Philip Kingston, more or less speaking on behalf of Uber and Lyft and the other smartphone-ordered car services, said it would be a “value-missed opportunity if we create a blizzard of regulations for an industry that doesn’t seem to need it.” Jennifer Staubach Gates pointed out the diverse audience — one filled equally with cabbies, Lyft drivers, Uber passengers — and said that if the council tries to pass a rule that “tries to run any of you out of town, I will not be for it.”
Scott Griggs said he supports letting everyone do whatever they want, within reason, and “let the market work it out.” Said the Oak Cliff councilman, the only reason the city’s in this mess is because cab service “has decreased to a point where others moved in” to offer an alternative.
Meanwhile, the chair said she “does not yet have a position.” Which may or may not be true.
Hill repeatedly cut into presentations from Uber and Lyft representatives, insisting they didn’t answer the council’s pointed questions submitted on Friday, while letting Yellow Cab’s president and owner Jack Bewley make it through his 10 minutes without interruption. And not once was the Yellow Cab insurance issue brought up, while Uber’s rep had to answer such questions as “Why has Uber been sued almost everywhere they go?” and “Explain why Uber has no liability in the death of a six-year-old girl in San Francisco?” and “What is your projected net income?”
Every faction got its say: Cab drivers complained that limo drivers are overcharging customers, cutting in lines at hotels and killing their business. Lyft users spoke of the “joyous” experience that comes from making new friends while ride-sharing. Uber’s Justin Kintz, one of the company’s start-up public policy experts, insisted his company already runs the background checks and carries the million-dollar insurance policy the city’s demanding.
Perhaps the most anticipated speech came first — from Jack Bewley, the generous contributor to council members’ campaigns and the man who got this ball rolling when Yellow Cab’s attorney demanded new city rules intended to reign in Uber’s speead across the city.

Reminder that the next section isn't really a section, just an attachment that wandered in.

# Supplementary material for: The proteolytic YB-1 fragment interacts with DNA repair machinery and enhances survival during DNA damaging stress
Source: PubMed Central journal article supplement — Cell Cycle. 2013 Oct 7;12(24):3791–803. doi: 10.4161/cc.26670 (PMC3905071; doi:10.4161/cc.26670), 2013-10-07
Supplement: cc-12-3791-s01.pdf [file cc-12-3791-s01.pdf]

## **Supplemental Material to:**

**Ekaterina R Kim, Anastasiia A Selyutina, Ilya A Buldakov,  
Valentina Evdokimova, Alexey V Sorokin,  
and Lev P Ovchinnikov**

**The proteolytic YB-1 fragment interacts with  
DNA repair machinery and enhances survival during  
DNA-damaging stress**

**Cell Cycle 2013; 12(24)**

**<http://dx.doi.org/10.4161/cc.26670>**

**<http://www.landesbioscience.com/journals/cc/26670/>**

“By allowing limousines to compete directly with taxicab companies, the city places in jeopardy safe, quality service to the entire community,” he said in prepared remarks, which you will find in full below. “Currently, the limousine industry is being allowed to skim the profitable fares at whatever rate they choose to charge, and leave the unprofitable regulated fares to the heavily regulated taxicab industry.”
Michael Morris, the transportation director for the North Central Texas Council of Governments, even made a surprise cameo to beg the council to tap the brakes until it finishes writing a regionwide policy, which should be done within 60 to 90 days.
“We need more technology and more enforcement,” he said. But right now, he said, the region is plagued by “inconsistent standards and a lack of enforcement.” Perhaps the NCTCOG will come up with a single permit for all cabs and limos and ride-sharing companies; perhaps not. He pleaded for just a little more patience.
But in the end, there remains an enormous chasm separating the council’s maybe-we-oughta’s from the actual rules that will be written (or rewritten) by city attorneys in coming weeks or months.
When asked how he thought the night went, Bewley said this and just this, “Hard to say. Only time will tell.”